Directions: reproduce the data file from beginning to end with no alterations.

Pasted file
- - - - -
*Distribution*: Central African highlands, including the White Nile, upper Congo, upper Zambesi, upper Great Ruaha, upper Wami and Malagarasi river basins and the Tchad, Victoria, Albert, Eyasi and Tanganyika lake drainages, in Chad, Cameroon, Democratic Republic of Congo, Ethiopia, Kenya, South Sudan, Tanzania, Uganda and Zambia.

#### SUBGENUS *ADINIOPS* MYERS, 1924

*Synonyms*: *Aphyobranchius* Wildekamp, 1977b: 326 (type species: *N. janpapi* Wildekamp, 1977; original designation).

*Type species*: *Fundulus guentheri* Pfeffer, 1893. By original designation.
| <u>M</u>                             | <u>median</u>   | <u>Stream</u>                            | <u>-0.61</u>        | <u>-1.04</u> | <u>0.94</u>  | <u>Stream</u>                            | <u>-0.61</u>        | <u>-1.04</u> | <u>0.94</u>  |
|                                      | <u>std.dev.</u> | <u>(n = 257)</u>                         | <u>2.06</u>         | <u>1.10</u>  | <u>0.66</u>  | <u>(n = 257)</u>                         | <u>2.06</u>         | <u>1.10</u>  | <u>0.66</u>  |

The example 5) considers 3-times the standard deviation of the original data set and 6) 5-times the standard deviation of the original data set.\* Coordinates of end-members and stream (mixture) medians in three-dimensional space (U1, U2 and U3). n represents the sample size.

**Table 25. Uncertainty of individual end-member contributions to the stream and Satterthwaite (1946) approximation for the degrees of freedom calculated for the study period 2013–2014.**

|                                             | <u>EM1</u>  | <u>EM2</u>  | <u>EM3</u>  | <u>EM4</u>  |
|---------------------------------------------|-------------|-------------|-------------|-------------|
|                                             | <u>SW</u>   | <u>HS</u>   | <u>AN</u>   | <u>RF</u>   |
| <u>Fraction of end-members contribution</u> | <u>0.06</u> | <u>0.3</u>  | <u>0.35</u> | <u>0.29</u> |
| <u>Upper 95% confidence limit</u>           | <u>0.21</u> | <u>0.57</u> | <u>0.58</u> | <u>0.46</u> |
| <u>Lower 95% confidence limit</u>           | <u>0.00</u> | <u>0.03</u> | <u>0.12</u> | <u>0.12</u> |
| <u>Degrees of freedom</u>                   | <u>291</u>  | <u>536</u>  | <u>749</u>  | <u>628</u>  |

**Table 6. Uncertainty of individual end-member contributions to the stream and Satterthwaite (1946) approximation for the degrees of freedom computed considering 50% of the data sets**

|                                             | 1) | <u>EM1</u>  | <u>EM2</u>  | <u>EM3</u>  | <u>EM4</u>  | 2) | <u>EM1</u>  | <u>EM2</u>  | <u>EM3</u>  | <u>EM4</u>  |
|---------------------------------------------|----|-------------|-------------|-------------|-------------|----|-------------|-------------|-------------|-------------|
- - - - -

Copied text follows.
*Distribution*: Central African highlands, including the White Nile, upper Congo, upper Zambesi, upper Great Ruaha, upper Wami and Malagarasi river basins and the Tchad, Victoria, Albert, Eyasi and Tanganyika lake drainages, in Chad, Cameroon, Democratic Republic of Congo, Ethiopia, Kenya, South Sudan, Tanzania, Uganda and Zambia.

#### SUBGENUS *ADINIOPS* MYERS, 1924

*Synonyms*: *Aphyobranchius* Wildekamp, 1977b: 326 (type species: *N. janpapi* Wildekamp, 1977; original designation).

*Type species*: *Fundulus guentheri* Pfeffer, 1893. By original designation.
| <u>M</u>                             | <u>median</u>   | <u>Stream</u>                            | <u>-0.61</u>        | <u>-1.04</u> | <u>0.94</u>  | <u>Stream</u>                            | <u>-0.61</u>        | <u>-1.04</u> | <u>0.94</u>  |
|                                      | <u>std.dev.</u> | <u>(n = 257)</u>                         | <u>2.06</u>         | <u>1.10</u>  | <u>0.66</u>  | <u>(n = 257)</u>                         | <u>2.06</u>         | <u>1.10</u>  | <u>0.66</u>  |

The example 5) considers 3-times the standard deviation of the original data set and 6) 5-times the standard deviation of the original data set.\* Coordinates of end-members and stream (mixture) medians in three-dimensional space (U1, U2 and U3). n represents the sample size.

**Table 25. Uncertainty of individual end-member contributions to the stream and Satterthwaite (1946) approximation for the degrees of freedom calculated for the study period 2013–2014.**

|                                             | <u>EM1</u>  | <u>EM2</u>  | <u>EM3</u>  | <u>EM4</u>  |
|---------------------------------------------|-------------|-------------|-------------|-------------|
|                                             | <u>SW</u>   | <u>HS</u>   | <u>AN</u>   | <u>RF</u>   |
| <u>Fraction of end-members contribution</u> | <u>0.06</u> | <u>0.3</u>  | <u>0.35</u> | <u>0.29</u> |
| <u>Upper 95% confidence limit</u>           | <u>0.21</u> | <u>0.57</u> | <u>0.58</u> | <u>0.46</u> |
| <u>Lower 95% confidence limit</u>           | <u>0.00</u> | <u>0.03</u> | <u>0.12</u> | <u>0.12</u> |
| <u>Degrees of freedom</u>                   | <u>291</u>  | <u>536</u>  | <u>749</u>  | <u>628</u>  |

**Table 6. Uncertainty of individual end-member contributions to the stream and Satterthwaite (1946) approximation for the degrees of freedom computed considering 50% of the data sets**

|                                             | 1) | <u>EM1</u>  | <u>EM2</u>  | <u>EM3</u>  | <u>EM4</u>  | 2) | <u>EM1</u>  | <u>EM2</u>  | <u>EM3</u>  | <u>EM4</u>  |
|---------------------------------------------|----|-------------|-------------|-------------|-------------|----|-------------|-------------|-------------|-------------|